On paper, Natalie Craig seems like the type of woman you'd expect would have a few dating apps on her phone. She's in her 20s, lives in a big city, and has an Instagram full of profile-ready photos — and she's fresh out of a long-term relationship with someone she met on Tinder. But even though her last stint in the digital dating world ended with a fairly happy relationship, Craig isn't jumping to reenter the scene — partly because of her past experiences.
"When I was first on the apps, I experienced people fat-shaming me," she says. "I'd get messages from men that would say things like, 'Do you want to meet up to have sex?' And when I'd say no, they'd say, 'Oh, well you're fat, anyway.'" Craig says the criticism would bother her back then, before she'd started her successful fashion blog in 2013, found the body positivity movement, and started embracing her shape. "I'd think, Oh, am I [only] good for sex? Do men only want to have sex with bigger women, but not date them?" she says. "It's like [those men] think that they can say whatever they want to me because I'm not a real person — I'm a fat person."
Craig's experiences aren't unique. While dating apps are notoriously scary spaces for women in general, with some 57% of female app users reporting some kind of harassment, plus-size women seem to have a tougher time than their "straight-sized" counterparts. In fact, the plus-size dating app WooPlus found that 71% of its 1,000 users reported having been fat-shamed on "regular" apps. "I've had men message me and ask to feed me," says Laura Delarato, a sex-educator and syndication coordinator at Refinery29. "And it's not even on fetish websites. It's on regular sites like OkCupid and Tinder." According to Delarato, if you're a plus-size woman on a dating app, you should expect your body to be "the forefront of the conversation."
So, are the dating apps to blame?
The easy (and typical) explanation for this is that swipe-based dating apps have made us more shallow. "Online dating is like a shopping catalogue, which seems to make people more critical," says Emily Ho, a body-positive fitness blogger and social media strategist. Ho met her first husband the "traditional" way — in person, long before dating apps were a thing. But at 34, she found herself newly divorced and facing a dating scene that she felt focused more on her looks than the one she'd remembered. "I feel like the entire culture has changed so much," she says. "Nobody reads profiles. Everyone is just judging based on appearance."
That said, the idea that apps are to blame for people's obsession with their prospective partners' looks isn't completely fair. Dating apps don't exist in a vacuum — they're essentially just digital platforms where society's existing views on bodies play out. The major culprit here, according to Cristina Escobar, the Director of Communications at The Representation Project, is actually the media. "There's a very limited representation of bodies when it comes to media in general, especially when it comes to women" she says. "In terms of finding love, you think about romantic comedies and advertisements depicting romance, and it's almost always about a thin woman. We have this really narrow definition about who is valuable, and that rarely includes women at all, let alone women of colour and women who are plus."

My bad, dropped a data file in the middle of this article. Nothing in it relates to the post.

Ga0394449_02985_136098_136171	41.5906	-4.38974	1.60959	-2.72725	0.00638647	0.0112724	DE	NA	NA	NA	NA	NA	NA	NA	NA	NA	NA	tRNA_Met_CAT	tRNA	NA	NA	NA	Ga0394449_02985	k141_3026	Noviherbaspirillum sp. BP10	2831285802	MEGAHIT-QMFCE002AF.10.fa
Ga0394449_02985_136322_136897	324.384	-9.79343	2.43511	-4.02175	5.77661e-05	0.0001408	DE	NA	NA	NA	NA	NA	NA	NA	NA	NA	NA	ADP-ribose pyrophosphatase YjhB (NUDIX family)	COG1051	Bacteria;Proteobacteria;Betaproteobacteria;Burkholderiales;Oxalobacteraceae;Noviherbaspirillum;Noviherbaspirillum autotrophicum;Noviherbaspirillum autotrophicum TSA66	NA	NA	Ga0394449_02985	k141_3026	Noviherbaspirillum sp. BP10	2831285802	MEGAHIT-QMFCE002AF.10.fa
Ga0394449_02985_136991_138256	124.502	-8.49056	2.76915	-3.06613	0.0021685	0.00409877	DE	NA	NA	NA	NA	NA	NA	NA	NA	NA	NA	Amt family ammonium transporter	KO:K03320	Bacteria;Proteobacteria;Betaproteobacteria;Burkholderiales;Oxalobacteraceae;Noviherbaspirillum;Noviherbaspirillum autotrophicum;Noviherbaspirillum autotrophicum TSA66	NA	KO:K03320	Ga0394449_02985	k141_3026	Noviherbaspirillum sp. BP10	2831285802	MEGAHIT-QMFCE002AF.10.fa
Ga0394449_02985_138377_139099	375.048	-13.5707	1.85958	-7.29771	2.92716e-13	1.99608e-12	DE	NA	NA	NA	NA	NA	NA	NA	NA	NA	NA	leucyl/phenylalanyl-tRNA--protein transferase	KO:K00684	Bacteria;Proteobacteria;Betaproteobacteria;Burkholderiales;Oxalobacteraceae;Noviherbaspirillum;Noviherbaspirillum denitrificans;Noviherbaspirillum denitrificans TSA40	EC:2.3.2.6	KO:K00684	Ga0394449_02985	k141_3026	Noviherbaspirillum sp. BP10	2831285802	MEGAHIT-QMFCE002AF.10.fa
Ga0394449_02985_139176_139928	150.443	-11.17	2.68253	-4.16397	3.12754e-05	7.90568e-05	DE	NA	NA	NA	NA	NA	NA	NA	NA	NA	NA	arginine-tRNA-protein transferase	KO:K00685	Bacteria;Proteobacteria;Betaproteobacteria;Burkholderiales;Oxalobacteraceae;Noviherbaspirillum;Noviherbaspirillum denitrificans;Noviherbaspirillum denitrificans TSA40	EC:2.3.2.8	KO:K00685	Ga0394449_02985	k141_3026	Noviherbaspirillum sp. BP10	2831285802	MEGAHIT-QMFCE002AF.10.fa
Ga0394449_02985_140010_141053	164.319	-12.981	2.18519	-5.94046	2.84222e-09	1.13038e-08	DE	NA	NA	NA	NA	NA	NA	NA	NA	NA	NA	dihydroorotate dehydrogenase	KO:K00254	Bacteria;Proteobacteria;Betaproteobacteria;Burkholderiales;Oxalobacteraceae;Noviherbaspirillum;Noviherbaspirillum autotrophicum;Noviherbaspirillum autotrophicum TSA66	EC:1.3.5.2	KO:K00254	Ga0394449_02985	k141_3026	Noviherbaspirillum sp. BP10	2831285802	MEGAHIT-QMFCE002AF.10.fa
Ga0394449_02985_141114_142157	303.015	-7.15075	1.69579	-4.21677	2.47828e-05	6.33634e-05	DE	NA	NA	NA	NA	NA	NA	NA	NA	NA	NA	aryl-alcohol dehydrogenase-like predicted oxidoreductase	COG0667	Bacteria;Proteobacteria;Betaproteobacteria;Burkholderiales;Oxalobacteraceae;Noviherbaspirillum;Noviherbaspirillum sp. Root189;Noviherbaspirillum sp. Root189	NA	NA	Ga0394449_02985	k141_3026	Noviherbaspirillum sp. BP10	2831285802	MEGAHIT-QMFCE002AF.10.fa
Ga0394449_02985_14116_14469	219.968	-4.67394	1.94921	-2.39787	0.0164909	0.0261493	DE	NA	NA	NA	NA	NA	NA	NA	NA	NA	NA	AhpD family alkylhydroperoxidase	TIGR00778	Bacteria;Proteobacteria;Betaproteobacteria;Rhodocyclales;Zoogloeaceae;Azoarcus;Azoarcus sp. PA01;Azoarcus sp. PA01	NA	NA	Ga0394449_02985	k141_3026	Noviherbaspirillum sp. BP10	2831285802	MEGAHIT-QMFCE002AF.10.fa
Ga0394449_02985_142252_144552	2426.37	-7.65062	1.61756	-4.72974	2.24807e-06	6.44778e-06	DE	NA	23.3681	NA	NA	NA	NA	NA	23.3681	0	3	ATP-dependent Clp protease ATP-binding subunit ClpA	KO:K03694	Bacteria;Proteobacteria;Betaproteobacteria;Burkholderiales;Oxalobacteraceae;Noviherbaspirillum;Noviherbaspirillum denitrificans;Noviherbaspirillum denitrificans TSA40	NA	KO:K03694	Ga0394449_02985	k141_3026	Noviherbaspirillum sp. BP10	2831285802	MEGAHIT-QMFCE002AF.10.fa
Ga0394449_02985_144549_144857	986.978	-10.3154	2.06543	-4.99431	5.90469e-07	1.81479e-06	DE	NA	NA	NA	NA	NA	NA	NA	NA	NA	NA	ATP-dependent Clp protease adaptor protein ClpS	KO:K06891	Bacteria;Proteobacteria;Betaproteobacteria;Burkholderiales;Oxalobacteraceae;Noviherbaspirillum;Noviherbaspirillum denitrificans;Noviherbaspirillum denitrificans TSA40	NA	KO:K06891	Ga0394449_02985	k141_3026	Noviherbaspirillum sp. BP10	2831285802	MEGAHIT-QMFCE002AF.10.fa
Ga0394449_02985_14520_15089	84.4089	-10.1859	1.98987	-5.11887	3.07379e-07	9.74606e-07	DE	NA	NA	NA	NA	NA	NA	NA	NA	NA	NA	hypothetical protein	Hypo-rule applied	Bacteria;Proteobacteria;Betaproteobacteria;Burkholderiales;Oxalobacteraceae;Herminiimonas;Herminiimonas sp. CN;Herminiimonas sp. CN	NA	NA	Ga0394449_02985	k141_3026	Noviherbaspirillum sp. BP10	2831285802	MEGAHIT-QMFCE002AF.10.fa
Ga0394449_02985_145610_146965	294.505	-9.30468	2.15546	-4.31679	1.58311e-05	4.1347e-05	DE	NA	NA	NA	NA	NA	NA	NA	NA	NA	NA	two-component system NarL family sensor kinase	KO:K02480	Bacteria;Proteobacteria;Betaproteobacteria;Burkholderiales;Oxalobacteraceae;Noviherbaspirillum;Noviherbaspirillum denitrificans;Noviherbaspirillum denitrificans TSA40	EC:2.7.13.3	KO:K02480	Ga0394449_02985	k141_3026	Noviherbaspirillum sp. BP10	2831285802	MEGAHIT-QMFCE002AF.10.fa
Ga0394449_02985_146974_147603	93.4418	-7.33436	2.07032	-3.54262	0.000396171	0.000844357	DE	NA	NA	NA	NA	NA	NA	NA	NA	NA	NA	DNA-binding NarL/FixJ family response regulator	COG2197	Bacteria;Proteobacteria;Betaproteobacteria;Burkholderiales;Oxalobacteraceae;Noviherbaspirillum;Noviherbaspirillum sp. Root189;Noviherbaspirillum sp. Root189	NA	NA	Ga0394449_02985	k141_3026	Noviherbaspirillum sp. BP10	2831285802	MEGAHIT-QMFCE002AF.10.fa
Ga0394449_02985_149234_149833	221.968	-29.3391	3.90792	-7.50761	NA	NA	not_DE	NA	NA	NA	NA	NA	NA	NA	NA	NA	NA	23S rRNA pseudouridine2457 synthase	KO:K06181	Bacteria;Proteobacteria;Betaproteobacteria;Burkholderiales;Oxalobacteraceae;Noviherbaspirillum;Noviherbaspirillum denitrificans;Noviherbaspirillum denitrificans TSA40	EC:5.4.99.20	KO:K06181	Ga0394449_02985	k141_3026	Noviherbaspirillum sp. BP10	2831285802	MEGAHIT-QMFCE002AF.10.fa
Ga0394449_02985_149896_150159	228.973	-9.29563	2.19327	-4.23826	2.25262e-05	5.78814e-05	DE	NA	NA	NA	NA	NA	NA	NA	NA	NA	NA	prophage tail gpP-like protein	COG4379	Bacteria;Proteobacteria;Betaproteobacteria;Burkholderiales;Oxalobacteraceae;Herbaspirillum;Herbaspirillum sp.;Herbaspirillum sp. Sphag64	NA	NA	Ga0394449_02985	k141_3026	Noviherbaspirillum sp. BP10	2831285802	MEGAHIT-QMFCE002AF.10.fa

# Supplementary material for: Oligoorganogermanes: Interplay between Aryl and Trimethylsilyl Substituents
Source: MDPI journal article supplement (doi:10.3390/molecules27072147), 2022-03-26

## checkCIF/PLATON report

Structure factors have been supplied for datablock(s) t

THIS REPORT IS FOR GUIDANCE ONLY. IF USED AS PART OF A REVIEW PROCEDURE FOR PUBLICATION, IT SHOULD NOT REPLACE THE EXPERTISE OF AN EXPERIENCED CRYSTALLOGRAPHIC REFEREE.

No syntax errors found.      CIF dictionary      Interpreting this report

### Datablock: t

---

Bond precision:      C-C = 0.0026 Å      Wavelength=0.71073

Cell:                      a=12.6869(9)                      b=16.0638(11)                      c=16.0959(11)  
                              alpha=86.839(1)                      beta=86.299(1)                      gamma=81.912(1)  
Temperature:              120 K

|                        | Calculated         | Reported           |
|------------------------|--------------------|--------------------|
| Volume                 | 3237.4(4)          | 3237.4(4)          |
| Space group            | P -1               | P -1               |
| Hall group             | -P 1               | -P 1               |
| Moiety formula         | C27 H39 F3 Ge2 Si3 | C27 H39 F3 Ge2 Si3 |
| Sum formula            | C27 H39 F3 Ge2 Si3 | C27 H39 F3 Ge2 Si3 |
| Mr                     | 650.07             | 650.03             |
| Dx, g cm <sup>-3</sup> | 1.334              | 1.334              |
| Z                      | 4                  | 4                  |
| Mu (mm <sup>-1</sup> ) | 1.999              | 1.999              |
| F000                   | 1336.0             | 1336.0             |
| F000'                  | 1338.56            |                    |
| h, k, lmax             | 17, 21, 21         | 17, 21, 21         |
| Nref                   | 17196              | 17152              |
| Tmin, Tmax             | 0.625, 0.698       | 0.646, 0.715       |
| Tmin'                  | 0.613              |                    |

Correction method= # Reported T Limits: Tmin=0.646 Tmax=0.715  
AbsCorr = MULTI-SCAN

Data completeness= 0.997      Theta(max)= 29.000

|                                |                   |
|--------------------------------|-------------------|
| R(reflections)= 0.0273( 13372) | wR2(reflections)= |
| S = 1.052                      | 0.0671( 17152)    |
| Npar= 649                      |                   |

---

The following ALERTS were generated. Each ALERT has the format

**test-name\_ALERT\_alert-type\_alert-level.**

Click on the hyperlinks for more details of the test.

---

When plus-size women are represented, they're not the main characters. Instead they're the funny friend, or the helper, and they rarely find themselves in the centre of romantic plot points. "These cultural ideas filter into our day-to-day interactions," Escobar says. Of course, these ideas play out in the workplace, on school campuses, and, in some cases, even in the medical industry. So it's not hard to imagine why plus-sized women are often ignored, ridiculed, and/or fetishised on dating apps.
What are they doing to change this?
Fortunately, sites seem to be trying to combat this problem. OkCupid recently released a Membership Pledge, which takes aim at harassing behaviour and messages. Before members are allowed to interact with the OkCupid community, they have to agree not to send any harassing, unwanted, or sexually explicit messages. This may sound like pure optics, but apparently it's working: "Since we launched the pledge, we've seen decreases in harassment, both from reports and our machine-learning technology that detects harassing language," says Melissa Hobley, the chief marketing officer of OkCupid. "We know that women in particular are really frustrated at how dating apps are set up to be incredibly focused on appearance. So we spend a huge amount of time deliberating how we can make OkCupid better at highlighting your passions, your beliefs, and your interests."